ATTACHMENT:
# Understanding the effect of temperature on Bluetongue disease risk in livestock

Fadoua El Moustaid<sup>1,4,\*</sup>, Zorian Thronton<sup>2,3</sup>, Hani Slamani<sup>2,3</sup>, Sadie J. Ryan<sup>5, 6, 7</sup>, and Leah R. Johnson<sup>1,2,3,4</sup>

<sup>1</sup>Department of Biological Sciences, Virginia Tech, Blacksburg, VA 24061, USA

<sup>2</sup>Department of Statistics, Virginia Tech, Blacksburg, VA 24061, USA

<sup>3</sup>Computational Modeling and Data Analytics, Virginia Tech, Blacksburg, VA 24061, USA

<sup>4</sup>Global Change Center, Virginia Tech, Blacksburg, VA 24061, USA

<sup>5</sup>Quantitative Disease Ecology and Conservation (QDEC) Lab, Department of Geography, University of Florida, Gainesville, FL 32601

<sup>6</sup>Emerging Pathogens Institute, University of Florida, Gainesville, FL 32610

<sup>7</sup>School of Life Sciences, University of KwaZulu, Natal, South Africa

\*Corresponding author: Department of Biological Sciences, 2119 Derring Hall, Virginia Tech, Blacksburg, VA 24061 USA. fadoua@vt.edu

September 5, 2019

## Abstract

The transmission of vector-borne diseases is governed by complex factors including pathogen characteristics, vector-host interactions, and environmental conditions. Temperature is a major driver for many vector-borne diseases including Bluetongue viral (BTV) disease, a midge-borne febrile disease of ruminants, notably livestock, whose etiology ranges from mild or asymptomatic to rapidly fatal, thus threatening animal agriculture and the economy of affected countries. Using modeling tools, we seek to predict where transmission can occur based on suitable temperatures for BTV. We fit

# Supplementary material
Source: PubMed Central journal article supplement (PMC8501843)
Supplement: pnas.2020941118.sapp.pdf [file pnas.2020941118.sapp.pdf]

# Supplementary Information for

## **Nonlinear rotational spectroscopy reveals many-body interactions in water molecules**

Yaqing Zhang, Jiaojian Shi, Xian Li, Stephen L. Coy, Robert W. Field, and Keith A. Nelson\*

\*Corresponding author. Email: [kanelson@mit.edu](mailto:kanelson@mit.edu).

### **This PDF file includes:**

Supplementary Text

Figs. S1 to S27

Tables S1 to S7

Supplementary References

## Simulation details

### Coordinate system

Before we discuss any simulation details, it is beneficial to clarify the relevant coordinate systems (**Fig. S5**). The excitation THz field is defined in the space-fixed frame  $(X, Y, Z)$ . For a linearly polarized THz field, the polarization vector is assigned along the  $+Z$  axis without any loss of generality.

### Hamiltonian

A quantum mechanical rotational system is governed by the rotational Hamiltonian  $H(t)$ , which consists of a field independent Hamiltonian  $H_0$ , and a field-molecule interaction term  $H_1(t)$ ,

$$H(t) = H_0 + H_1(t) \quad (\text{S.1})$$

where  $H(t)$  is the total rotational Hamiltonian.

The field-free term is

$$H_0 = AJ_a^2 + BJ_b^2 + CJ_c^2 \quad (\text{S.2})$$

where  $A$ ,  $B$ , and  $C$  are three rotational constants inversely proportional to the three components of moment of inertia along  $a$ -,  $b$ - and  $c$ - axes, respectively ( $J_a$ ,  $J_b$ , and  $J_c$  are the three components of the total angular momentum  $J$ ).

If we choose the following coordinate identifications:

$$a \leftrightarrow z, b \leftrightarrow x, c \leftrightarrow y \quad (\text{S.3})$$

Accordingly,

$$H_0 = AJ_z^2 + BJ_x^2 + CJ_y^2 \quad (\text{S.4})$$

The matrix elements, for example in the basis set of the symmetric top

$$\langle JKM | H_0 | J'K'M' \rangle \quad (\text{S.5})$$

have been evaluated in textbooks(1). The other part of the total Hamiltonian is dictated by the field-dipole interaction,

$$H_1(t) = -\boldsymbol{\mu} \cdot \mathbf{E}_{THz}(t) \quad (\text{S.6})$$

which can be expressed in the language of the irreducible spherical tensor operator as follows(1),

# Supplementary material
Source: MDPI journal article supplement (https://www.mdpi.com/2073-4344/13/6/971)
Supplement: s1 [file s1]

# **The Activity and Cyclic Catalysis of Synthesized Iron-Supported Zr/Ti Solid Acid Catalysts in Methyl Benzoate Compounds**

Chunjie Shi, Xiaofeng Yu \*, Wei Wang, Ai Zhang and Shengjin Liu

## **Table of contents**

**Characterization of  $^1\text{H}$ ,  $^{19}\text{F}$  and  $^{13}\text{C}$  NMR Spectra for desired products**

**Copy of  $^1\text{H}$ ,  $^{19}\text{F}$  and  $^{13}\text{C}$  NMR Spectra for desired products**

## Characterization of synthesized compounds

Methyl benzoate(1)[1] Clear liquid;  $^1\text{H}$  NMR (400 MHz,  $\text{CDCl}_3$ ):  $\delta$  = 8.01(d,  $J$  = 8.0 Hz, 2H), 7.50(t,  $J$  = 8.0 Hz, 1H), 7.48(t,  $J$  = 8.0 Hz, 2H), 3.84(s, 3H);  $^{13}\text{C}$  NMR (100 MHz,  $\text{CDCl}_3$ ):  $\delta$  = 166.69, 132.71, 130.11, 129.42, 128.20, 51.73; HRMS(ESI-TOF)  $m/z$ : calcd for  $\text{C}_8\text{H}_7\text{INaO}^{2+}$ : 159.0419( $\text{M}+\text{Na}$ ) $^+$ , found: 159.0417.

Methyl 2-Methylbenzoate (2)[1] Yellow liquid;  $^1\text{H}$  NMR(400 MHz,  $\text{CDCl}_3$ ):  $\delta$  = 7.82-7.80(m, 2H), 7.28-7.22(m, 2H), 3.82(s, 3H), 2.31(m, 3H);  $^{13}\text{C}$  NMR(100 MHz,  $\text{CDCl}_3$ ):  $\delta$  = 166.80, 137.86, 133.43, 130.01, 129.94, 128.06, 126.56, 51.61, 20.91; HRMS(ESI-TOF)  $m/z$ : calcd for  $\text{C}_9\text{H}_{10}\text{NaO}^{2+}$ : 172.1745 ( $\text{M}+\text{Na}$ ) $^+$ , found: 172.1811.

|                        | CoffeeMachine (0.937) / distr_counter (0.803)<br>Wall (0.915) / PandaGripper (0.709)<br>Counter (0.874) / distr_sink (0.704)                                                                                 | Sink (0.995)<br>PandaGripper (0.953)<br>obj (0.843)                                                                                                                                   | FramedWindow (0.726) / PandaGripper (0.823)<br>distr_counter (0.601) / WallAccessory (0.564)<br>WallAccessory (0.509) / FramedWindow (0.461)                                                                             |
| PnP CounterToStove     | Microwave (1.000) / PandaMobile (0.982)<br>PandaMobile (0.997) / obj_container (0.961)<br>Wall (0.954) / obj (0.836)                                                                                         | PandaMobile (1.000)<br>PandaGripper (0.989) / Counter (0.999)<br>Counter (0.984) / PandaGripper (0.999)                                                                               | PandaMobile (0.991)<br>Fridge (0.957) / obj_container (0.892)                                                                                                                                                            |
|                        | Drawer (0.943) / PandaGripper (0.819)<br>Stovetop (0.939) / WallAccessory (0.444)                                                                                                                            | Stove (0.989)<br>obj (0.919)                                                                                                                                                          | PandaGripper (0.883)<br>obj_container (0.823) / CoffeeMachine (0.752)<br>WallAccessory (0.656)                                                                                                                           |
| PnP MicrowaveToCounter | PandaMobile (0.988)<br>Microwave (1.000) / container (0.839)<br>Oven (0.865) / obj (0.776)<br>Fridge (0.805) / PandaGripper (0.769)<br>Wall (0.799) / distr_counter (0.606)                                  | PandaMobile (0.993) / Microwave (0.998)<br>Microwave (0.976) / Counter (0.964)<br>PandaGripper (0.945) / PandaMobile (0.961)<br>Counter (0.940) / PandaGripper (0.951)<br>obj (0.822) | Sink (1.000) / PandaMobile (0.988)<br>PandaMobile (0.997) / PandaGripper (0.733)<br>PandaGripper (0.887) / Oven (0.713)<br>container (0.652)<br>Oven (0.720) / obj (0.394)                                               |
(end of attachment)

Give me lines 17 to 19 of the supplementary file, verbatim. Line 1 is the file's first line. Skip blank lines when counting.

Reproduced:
# Supplementary Information for

## **Nonlinear rotational spectroscopy reveals many-body interactions in water molecules**

Yaqing Zhang, Jiaojian Shi, Xian Li, Stephen L. Coy, Robert W. Field, and Keith A. Nelson\*